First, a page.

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The AAPG/Datapages Combined Publications Database

AAPG Bulletin


Volume: 65 (1981)

Issue: 5. (May)

First Page: 917

Last Page: 917

Title: Cretaceous Black-Shale Deposition Within an Oxidized Red Clay, Turbidite Environment, Southern Angola Basin, South Atlantic Ocean: ABSTRACT

Author(s): W. E. Dean, E. J. Barron, R. E. Boyce

Article Type: Meeting abstract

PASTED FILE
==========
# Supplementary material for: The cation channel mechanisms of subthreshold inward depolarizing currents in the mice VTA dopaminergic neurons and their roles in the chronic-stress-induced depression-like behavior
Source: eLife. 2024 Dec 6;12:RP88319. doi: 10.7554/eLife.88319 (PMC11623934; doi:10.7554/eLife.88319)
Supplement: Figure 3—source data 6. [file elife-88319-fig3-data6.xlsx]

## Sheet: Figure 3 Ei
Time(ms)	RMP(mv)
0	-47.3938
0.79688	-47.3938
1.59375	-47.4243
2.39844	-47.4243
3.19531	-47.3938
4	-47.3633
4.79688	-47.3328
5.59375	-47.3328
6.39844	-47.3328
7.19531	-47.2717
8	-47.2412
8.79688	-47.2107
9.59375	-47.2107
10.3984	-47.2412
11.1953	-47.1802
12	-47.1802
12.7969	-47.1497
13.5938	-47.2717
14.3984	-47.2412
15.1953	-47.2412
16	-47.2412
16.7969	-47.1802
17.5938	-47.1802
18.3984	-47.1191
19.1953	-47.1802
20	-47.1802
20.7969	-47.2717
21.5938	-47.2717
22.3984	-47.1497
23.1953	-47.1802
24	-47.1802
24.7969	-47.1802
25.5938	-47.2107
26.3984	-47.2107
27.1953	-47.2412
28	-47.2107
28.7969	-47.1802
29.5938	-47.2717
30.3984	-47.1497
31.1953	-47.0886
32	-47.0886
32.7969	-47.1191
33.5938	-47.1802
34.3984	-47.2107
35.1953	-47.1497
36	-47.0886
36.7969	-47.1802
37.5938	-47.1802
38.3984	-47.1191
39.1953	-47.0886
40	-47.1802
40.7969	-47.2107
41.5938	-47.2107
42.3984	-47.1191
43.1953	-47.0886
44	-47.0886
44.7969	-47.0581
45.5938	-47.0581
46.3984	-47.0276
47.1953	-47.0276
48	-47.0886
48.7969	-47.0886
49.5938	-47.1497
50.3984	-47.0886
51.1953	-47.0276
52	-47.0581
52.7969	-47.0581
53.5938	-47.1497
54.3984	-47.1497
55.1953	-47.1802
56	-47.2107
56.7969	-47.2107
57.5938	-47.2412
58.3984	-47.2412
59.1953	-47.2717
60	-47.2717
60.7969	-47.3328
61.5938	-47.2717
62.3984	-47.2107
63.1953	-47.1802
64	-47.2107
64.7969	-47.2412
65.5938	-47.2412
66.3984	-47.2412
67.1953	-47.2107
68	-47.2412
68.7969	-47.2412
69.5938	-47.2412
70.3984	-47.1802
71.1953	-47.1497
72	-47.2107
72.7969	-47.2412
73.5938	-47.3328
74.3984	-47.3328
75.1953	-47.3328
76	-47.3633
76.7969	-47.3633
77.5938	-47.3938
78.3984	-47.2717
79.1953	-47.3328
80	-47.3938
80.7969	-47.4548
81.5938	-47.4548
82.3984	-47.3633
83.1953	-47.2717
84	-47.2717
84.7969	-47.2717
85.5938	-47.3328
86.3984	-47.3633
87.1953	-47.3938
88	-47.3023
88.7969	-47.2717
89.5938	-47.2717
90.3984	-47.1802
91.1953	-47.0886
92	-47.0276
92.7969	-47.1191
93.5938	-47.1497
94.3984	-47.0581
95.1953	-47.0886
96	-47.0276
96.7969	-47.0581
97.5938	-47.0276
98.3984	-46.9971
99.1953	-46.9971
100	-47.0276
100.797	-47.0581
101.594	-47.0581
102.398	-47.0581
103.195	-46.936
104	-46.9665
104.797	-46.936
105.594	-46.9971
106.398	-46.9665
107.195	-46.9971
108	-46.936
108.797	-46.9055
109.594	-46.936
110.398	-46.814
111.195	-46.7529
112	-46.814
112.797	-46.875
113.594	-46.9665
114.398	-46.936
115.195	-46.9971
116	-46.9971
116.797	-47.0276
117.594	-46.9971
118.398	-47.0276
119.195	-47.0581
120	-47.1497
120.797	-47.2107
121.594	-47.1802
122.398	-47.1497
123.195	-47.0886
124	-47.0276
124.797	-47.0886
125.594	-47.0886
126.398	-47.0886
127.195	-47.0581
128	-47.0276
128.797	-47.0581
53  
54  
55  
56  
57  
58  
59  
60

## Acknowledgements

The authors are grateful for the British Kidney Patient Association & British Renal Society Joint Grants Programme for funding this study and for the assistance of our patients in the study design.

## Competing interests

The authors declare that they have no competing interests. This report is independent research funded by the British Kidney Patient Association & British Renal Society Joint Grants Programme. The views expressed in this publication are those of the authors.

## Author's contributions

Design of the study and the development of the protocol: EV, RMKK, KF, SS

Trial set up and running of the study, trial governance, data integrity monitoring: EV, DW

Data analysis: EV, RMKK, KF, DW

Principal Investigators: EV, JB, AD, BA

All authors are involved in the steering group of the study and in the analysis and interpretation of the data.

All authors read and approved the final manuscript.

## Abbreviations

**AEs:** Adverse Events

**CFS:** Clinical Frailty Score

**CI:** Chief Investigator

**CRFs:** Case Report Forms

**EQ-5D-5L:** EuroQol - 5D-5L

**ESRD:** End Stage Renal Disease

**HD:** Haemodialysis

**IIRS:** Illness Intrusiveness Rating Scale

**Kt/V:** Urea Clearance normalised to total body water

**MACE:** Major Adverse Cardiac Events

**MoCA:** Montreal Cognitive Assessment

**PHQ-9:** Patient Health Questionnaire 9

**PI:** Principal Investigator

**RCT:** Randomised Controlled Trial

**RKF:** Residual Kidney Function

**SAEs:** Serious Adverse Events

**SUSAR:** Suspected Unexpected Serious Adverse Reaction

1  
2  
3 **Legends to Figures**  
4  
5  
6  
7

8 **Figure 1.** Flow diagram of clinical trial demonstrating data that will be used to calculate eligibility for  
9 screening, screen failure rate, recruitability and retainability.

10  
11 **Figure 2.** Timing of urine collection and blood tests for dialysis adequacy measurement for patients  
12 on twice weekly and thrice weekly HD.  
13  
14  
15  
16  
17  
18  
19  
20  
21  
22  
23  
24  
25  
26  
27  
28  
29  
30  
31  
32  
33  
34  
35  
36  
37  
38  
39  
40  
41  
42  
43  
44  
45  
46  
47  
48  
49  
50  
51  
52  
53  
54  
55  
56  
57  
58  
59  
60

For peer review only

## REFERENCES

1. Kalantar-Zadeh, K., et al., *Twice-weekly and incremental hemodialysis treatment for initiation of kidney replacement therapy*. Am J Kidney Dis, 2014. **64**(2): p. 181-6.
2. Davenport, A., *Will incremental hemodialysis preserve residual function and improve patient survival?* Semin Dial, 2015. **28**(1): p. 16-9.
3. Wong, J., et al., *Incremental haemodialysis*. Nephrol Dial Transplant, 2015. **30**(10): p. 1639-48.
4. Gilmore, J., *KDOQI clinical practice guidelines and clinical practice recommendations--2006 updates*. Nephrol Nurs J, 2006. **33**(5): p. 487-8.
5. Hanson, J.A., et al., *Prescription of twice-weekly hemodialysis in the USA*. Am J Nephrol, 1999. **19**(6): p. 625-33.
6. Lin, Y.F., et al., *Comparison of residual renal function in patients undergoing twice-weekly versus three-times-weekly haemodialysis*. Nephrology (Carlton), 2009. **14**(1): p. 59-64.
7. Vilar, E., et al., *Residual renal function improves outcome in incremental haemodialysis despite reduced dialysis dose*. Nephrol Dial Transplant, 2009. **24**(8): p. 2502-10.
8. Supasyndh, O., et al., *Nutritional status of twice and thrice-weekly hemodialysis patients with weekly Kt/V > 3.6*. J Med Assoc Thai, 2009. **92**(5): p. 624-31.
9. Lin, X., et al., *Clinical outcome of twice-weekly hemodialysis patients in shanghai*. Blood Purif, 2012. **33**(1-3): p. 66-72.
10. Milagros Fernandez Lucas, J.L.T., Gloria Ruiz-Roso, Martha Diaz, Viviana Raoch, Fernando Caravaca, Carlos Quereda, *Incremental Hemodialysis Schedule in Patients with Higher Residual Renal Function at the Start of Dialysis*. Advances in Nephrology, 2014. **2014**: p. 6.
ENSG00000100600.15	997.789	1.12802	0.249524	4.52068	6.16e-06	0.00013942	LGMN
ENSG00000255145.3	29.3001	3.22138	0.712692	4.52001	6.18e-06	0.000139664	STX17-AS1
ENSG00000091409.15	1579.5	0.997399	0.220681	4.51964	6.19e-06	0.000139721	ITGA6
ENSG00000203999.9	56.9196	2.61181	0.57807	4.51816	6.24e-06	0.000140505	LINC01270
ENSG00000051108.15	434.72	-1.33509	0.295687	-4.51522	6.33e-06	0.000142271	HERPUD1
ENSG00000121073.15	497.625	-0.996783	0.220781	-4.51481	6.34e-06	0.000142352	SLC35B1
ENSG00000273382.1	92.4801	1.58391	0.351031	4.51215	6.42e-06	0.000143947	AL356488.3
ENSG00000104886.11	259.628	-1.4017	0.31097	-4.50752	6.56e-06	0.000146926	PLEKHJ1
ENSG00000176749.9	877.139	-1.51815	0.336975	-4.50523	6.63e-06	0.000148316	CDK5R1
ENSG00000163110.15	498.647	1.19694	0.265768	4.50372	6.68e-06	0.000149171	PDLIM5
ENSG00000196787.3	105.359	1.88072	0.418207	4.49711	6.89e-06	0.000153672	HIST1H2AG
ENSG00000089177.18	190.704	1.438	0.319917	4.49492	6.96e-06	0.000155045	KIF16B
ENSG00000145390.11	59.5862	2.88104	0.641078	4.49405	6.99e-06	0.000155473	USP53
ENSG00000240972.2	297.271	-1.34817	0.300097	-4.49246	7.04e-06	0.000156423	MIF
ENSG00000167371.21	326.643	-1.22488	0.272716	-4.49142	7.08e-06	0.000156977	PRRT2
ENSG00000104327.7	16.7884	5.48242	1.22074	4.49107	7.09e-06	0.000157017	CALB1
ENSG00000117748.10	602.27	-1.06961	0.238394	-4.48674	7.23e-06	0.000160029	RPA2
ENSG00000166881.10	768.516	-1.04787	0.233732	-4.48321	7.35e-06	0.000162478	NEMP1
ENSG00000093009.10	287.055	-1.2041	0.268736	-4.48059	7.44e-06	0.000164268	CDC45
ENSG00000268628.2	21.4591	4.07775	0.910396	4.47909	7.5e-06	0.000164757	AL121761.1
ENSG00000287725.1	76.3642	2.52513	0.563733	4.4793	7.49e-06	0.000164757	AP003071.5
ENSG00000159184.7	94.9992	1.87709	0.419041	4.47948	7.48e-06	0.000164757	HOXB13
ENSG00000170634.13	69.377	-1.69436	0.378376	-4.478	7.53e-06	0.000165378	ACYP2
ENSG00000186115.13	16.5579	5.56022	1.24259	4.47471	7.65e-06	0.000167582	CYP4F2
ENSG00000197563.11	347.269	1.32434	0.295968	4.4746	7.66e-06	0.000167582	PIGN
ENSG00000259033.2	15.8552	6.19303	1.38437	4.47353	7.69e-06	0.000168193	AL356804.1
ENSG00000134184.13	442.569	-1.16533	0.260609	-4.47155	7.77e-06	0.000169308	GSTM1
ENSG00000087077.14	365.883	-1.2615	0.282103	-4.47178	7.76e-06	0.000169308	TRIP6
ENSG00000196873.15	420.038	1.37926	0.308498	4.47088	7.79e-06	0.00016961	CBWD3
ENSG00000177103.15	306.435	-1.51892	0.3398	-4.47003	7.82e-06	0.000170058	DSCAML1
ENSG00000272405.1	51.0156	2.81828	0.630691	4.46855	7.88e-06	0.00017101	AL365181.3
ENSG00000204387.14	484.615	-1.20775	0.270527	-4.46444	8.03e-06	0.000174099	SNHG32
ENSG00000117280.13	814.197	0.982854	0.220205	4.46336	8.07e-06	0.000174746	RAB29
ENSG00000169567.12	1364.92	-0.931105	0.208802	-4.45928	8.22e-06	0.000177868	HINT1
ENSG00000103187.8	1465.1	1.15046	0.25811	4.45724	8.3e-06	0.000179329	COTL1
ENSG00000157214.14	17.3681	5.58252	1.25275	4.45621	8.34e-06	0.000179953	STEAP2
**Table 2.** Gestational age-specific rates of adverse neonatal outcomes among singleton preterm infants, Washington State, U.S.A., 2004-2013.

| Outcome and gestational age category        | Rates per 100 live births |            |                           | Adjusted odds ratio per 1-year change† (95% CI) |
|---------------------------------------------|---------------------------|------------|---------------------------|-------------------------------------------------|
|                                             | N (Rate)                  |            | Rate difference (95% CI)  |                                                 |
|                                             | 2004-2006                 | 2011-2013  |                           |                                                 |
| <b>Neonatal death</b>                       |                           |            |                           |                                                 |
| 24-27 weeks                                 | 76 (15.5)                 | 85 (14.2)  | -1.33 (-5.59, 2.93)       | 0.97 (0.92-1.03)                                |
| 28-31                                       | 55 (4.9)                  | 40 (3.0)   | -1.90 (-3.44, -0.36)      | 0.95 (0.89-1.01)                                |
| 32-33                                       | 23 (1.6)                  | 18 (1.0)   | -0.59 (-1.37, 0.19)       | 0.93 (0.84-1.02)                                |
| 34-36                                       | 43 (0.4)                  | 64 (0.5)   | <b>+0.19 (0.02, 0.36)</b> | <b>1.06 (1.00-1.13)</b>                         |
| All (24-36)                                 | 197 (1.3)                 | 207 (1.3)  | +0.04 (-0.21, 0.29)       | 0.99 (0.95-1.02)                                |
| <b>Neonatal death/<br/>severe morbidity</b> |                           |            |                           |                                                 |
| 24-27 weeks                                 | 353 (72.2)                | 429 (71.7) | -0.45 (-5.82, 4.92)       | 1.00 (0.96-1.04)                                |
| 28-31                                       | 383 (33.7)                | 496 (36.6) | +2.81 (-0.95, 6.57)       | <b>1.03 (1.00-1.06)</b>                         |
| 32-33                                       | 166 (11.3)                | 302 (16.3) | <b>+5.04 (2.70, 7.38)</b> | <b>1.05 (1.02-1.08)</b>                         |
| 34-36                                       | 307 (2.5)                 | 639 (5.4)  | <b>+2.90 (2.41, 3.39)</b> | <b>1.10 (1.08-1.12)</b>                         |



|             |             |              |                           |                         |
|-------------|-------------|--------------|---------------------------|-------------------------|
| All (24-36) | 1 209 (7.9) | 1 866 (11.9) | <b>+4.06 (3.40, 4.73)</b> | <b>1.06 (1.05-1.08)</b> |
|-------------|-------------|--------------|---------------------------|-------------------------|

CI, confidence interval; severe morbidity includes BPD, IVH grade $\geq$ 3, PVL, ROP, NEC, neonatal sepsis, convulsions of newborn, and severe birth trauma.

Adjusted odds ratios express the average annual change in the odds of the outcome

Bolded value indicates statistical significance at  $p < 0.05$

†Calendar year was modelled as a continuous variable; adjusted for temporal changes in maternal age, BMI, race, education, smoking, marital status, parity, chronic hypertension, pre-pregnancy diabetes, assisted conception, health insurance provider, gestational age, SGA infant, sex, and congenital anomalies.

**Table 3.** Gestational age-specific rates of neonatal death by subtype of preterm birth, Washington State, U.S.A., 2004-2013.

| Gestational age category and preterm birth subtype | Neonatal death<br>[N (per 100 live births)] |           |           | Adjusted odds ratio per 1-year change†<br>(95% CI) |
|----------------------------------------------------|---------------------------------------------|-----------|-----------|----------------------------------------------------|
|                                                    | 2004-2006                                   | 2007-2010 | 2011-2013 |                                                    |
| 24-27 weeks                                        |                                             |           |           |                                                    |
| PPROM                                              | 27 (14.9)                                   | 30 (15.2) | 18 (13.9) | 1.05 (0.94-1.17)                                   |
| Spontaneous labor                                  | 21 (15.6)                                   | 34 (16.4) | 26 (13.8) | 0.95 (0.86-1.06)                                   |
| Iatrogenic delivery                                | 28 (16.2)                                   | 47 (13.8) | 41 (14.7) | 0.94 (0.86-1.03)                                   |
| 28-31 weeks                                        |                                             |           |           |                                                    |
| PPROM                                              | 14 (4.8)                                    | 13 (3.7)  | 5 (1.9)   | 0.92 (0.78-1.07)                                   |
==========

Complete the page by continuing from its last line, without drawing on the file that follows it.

Beds of black shale, intercalated with red and green claystone of Albian to Coniacian age, were recovered at DSDP site 530 in the southern Angola Basin. The 260 beds of black shale have an average thickness of 4.3 cm (range of 1 to 62 cm) and an average organic-carbon content of 5.7% (range of 1.4 to 16%). The green claystone beds resulted from reduction of iron in red claystone beds around black shale beds. A green-black-green reduced sequence may occur alone within predominant oxidized red claystone, or several, closely spaced reduced sequences may merge to form interbedding of black and green lithologies. The predominant red claystone beds were deposited as distal turbidites. Many of the black shale beds contain graded silt laminae, very low amplitude ripple cross-lami ation, and fine, indistinct, discontinuous laminae, suggesting that the material in the black shale beds also may have been transported by turbidity currents. All lithologies are commonly bioturbated. The sequence, including the black shales, at Site 530 suggests that deposition of the distal turbidites, low in organic matter, in an oxidized bottom-water environment was interrupted periodically by the deposition of organic-carbon-rich clay. We conclude that the cyclic interbeds of more- and less-reduced strata, with frequencies and durations measured in thousands or even hundreds of years, resulted from variable supply of organic matter, most of which is of marine origin, and not from bottom-water stagnation. We favor periodic regional increases in organic productivity that resulted in i creases in production of organic matter, and an expanded and intensified mid-water oxygen minimum that impinged on the continental margin, as a cause of periodic increases in accumulation of organic matter. These conditions would produce variations in the amount of organic matter in both time and space, and result in interbedding of organic-carbon-rich, reduced sediments and organic-carbon-poor, oxidized sediments, a characteristic of all so-called anoxic sequences in the Atlantic Ocean.

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